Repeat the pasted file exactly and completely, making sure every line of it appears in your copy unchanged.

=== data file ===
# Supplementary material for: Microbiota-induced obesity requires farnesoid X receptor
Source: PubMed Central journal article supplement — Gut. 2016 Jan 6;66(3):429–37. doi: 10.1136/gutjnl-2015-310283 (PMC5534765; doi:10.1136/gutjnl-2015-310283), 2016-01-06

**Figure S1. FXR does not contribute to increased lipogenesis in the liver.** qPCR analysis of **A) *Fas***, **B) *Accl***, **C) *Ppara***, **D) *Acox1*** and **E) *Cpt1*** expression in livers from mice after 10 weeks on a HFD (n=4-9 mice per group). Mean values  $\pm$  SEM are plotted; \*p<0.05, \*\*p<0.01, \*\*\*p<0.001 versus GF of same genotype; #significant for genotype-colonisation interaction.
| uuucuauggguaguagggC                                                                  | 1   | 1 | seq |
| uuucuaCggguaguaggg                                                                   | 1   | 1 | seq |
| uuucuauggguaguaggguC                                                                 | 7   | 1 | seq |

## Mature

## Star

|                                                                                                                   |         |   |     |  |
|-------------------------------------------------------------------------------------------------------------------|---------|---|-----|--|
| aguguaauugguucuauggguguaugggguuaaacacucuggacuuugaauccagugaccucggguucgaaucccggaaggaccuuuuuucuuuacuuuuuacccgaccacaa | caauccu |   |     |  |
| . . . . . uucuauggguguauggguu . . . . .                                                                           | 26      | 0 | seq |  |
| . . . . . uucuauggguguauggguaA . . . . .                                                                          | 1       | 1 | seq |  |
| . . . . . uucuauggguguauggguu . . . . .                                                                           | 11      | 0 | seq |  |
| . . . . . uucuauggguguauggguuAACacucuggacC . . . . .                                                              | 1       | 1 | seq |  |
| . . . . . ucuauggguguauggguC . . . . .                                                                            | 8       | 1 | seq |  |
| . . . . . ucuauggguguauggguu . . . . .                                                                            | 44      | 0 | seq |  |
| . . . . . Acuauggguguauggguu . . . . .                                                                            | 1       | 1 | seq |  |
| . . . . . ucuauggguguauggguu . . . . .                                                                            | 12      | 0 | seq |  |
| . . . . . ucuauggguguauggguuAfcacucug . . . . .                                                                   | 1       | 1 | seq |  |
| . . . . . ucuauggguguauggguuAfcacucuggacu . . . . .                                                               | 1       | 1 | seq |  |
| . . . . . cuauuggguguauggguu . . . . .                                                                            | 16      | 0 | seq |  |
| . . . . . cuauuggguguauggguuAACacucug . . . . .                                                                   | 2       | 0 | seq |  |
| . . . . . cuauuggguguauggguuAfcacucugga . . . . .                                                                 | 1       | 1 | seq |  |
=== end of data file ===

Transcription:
# Supplementary material for: Microbiota-induced obesity requires farnesoid X receptor
Source: PubMed Central journal article supplement — Gut. 2016 Jan 6;66(3):429–37. doi: 10.1136/gutjnl-2015-310283 (PMC5534765; doi:10.1136/gutjnl-2015-310283), 2016-01-06

**Figure S1. FXR does not contribute to increased lipogenesis in the liver.** qPCR analysis of **A) *Fas***, **B) *Accl***, **C) *Ppara***, **D) *Acox1*** and **E) *Cpt1*** expression in livers from mice after 10 weeks on a HFD (n=4-9 mice per group). Mean values  $\pm$  SEM are plotted; \*p<0.05, \*\*p<0.01, \*\*\*p<0.001 versus GF of same genotype; #significant for genotype-colonisation interaction.
| uuucuauggguaguagggC                                                                  | 1   | 1 | seq |
| uuucuaCggguaguaggg                                                                   | 1   | 1 | seq |
| uuucuauggguaguaggguC                                                                 | 7   | 1 | seq |

## Mature

## Star

|                                                                                                                   |         |   |     |  |
|-------------------------------------------------------------------------------------------------------------------|---------|---|-----|--|
| aguguaauugguucuauggguguaugggguuaaacacucuggacuuugaauccagugaccucggguucgaaucccggaaggaccuuuuuucuuuacuuuuuacccgaccacaa | caauccu |   |     |  |
| . . . . . uucuauggguguauggguu . . . . .                                                                           | 26      | 0 | seq |  |
| . . . . . uucuauggguguauggguaA . . . . .                                                                          | 1       | 1 | seq |  |
| . . . . . uucuauggguguauggguu . . . . .                                                                           | 11      | 0 | seq |  |
| . . . . . uucuauggguguauggguuAACacucuggacC . . . . .                                                              | 1       | 1 | seq |  |
| . . . . . ucuauggguguauggguC . . . . .                                                                            | 8       | 1 | seq |  |
| . . . . . ucuauggguguauggguu . . . . .                                                                            | 44      | 0 | seq |  |
| . . . . . Acuauggguguauggguu . . . . .                                                                            | 1       | 1 | seq |  |
| . . . . . ucuauggguguauggguu . . . . .                                                                            | 12      | 0 | seq |  |
| . . . . . ucuauggguguauggguuAfcacucug . . . . .                                                                   | 1       | 1 | seq |  |
| . . . . . ucuauggguguauggguuAfcacucuggacu . . . . .                                                               | 1       | 1 | seq |  |
| . . . . . cuauuggguguauggguu . . . . .                                                                            | 16      | 0 | seq |  |
| . . . . . cuauuggguguauggguuAACacucug . . . . .                                                                   | 2       | 0 | seq |  |
| . . . . . cuauuggguguauggguuAfcacucugga . . . . .                                                                 | 1       | 1 | seq |  |